Her husband is the one who gets all the credit, but like most wives, she does more than her share of the work. That doesn't tell you much about who this woman might be, though, does it?
Nevertheless, it was through her husband that she became famous. He arrived in America from Europe, changed his name and expanded his business into a worldwide operation. Only later did she come along, and was married into the family business.
She was born in Pennsylvania, to a religious family. She appeared in the Yale Literary Magazine, long before the university went co-ed, and was later featured in other more popular periodicals, from Harper's to Good Housekeeping. She eventually made it into children's books, comic books, poetry, as well as virtually every other media.
She has been described as the original Good Wife, although she is not a lawyer like the Good Wife on TV. She took a more traditional role as, to this day, she designs and maintains a modern kitchen, cooks the chicken and turkey, bakes the cookies, takes care of the children's toys and at times chauffeurs her husband around on his job. Yes, her husband does a lot of traveling, but there is still plenty of work to be done back home at the workshop. By all reports, she assists in managing the staff of helpers, and contributes to the care and feeding of the animals.
She made her Hollywood debut in a 1964 movie about Martians. She went on to make a cameo appearance in the 1993 movie The Nightmare Before Christmas, and has presented a strong female character in several more Christmas films. She was a teacher on television in a 1970 special, when she was shown meeting her then-young husband, who was illegally trying to spread cheer in a town run by a despotic ruler.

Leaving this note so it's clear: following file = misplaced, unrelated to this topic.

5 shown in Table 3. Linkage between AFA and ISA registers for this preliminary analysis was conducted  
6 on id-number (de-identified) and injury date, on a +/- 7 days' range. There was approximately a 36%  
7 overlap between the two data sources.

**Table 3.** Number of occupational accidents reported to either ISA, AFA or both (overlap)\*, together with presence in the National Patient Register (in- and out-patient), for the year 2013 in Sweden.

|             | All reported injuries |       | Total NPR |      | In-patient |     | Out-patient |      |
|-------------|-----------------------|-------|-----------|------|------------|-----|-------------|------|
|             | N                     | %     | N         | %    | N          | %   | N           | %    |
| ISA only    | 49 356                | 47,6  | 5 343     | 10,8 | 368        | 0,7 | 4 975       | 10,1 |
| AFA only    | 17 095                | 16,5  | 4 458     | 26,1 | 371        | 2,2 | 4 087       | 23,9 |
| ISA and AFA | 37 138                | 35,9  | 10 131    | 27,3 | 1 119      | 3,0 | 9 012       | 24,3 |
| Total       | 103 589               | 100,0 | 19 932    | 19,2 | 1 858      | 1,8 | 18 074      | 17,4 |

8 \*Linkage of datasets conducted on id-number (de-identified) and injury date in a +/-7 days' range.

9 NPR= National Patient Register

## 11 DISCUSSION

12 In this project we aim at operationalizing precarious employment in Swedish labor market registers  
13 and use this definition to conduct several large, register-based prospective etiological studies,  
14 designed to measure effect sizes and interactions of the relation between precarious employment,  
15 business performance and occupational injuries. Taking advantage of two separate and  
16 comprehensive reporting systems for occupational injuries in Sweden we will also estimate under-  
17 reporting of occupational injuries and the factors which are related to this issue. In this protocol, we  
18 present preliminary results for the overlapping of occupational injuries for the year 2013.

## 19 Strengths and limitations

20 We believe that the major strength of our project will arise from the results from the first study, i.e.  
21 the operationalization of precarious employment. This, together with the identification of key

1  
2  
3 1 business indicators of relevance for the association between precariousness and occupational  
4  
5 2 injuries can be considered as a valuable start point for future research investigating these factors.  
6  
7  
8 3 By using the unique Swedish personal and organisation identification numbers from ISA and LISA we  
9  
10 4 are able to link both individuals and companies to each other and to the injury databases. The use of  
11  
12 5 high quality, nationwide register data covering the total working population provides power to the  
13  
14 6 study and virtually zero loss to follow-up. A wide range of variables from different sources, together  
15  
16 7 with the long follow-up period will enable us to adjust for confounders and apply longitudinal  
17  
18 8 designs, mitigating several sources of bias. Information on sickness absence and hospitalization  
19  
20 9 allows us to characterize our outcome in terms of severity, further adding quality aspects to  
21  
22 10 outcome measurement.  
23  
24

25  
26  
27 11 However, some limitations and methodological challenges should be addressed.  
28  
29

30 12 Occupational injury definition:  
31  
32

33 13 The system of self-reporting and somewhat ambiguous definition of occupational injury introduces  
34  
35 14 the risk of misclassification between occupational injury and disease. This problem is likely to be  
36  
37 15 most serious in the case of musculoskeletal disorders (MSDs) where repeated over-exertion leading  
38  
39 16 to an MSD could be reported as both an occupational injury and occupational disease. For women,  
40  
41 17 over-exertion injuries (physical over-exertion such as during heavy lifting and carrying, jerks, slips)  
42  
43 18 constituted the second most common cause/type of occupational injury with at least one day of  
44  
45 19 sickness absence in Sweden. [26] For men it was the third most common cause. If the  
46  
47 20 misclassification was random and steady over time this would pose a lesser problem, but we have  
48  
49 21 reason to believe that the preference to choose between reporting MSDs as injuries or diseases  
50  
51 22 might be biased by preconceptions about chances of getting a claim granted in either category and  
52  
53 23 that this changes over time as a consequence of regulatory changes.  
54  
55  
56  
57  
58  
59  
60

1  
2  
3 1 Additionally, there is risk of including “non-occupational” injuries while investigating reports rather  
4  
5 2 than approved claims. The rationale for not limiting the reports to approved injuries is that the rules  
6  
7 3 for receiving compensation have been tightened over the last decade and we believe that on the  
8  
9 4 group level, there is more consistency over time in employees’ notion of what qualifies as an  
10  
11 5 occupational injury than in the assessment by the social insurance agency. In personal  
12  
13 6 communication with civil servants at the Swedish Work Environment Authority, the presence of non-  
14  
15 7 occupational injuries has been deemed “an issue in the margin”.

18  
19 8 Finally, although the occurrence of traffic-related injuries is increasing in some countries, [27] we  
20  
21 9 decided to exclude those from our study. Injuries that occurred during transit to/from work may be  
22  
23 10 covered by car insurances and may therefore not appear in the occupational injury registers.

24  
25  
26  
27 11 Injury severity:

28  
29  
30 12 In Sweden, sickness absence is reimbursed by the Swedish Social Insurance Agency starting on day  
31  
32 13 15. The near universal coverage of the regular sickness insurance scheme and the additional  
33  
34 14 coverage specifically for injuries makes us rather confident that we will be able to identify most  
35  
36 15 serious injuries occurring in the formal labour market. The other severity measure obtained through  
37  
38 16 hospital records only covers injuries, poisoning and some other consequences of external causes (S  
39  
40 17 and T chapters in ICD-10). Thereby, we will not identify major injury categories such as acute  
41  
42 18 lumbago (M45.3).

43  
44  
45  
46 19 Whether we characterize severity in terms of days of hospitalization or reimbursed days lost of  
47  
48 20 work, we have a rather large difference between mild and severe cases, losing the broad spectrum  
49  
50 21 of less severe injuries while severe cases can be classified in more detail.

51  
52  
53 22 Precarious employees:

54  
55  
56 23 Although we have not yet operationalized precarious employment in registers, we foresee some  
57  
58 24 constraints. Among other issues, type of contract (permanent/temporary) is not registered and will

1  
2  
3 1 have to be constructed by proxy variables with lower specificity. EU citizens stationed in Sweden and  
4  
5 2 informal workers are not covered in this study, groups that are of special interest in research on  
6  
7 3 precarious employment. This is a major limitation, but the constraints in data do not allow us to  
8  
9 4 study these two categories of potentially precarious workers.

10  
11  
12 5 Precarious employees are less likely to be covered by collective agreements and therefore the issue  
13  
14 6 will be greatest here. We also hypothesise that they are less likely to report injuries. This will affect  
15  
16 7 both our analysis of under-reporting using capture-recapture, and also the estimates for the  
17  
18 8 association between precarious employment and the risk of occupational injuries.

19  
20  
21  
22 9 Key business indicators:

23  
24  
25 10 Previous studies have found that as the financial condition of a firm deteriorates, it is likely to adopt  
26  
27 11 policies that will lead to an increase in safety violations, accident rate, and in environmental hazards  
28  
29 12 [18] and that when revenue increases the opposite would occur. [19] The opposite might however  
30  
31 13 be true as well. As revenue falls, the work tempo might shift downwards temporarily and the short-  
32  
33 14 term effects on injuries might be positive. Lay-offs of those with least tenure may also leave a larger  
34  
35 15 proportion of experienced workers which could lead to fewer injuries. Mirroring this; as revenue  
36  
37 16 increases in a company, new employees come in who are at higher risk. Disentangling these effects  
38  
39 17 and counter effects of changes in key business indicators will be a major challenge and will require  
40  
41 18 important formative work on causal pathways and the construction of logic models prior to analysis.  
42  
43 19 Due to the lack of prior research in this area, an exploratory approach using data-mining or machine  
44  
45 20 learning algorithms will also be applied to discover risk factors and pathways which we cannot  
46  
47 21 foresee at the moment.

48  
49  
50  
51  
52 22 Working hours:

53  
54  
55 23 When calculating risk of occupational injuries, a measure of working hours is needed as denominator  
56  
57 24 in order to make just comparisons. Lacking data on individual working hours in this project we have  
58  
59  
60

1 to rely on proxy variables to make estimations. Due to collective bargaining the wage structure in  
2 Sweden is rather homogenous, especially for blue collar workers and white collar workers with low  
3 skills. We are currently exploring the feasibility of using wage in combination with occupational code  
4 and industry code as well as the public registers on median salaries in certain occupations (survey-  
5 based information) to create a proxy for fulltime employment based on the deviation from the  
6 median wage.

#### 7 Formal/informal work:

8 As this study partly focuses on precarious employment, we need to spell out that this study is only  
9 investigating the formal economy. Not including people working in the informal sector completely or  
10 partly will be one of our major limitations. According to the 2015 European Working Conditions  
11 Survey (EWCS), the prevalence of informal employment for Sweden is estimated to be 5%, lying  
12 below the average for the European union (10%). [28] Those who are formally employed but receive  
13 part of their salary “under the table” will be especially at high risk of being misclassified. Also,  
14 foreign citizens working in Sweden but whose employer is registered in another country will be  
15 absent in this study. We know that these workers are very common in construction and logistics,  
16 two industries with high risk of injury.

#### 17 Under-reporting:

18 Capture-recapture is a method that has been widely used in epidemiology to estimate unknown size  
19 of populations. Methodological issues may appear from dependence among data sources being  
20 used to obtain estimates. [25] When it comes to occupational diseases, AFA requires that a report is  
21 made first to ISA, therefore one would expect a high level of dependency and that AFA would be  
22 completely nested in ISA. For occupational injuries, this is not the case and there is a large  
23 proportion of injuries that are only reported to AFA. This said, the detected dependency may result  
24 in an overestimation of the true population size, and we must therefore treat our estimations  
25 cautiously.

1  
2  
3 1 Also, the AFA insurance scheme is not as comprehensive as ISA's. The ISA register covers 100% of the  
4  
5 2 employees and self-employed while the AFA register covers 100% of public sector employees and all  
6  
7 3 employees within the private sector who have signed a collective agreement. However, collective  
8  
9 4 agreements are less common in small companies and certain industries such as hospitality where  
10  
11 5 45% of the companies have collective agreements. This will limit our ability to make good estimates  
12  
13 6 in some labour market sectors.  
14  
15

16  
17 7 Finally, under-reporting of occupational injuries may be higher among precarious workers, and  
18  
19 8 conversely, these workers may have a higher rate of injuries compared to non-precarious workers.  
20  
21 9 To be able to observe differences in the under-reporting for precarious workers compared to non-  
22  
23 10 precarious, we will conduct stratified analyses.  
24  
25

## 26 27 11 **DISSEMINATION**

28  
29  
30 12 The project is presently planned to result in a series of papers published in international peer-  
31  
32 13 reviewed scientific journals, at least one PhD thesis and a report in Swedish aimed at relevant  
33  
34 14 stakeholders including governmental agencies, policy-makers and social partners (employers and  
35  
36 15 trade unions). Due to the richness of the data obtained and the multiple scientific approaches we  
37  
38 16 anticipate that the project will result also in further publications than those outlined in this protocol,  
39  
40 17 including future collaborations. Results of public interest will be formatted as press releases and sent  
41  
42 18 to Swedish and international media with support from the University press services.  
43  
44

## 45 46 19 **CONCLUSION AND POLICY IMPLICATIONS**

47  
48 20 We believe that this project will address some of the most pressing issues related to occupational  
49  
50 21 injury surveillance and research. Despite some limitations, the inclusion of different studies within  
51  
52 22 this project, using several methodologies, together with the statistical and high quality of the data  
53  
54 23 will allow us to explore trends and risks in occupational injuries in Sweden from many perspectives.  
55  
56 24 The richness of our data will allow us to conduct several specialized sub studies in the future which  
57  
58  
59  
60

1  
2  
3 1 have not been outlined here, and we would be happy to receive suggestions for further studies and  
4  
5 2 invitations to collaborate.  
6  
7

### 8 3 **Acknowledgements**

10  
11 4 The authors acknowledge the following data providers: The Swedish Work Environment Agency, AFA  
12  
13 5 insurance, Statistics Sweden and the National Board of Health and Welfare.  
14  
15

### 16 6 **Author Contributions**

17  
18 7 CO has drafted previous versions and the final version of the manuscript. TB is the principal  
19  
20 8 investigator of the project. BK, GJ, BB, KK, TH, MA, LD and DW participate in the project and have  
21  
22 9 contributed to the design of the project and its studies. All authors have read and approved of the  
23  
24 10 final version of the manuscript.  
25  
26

Her character made an appearance in A Charlie Brown Christmas, as well as two Charlie Brown sequels. She also showed up in A Chipmunk Christmas, buying Alvin a new harmonica after he'd given his old one to a sick boy. In this made-for-TV movie, Alvin repays her by offering up his rendition of "Silent Night."
She was also the subject of a 1996 television musical, starring Angela Lansbury. Feeling neglected by her husband, she decamped to New York City where she sang and marched in support of women's voting rights, and against child labor in toy manufacturing.
As you've no doubt figured out by now, the woman is Mrs. Santa Claus -- wife of St. Nicholas, the man previously known in Europe as Sinterklaas but whose origins reach back to pre-Christian Germany as well as Turkey and Greece. Mrs. Claus was first mentioned in a short story called "A Christmas Legend" by the Philadelphia missionary James Rees (hence, "born" in Pennsylvania.) Now, of course, she lives at the North Pole with her husband. And like Santa himself, she has come to be depicted as a roly-poly older woman who is incredibly kind and infinitely patient.
But Mrs. Claus has occasionally been portrayed against stereotype. She has been depicted as a vampire, and in one briefly-aired TV commercial she was shown ... in bed with a snowman!
Yet for most of us she will remain the compassionate grandmotherly type, the kind who is always glad to see us and welcome us with a plate of warm Christmas cookies. But we can envision -- can't we? -- that she might not always be completely content sitting in the background baking cakes and pies. We can imagine that she, like the rest of us, might have a few complaints about her lot in life, yet still have a sense of humor about it. If you can, as they say, then take a listen ...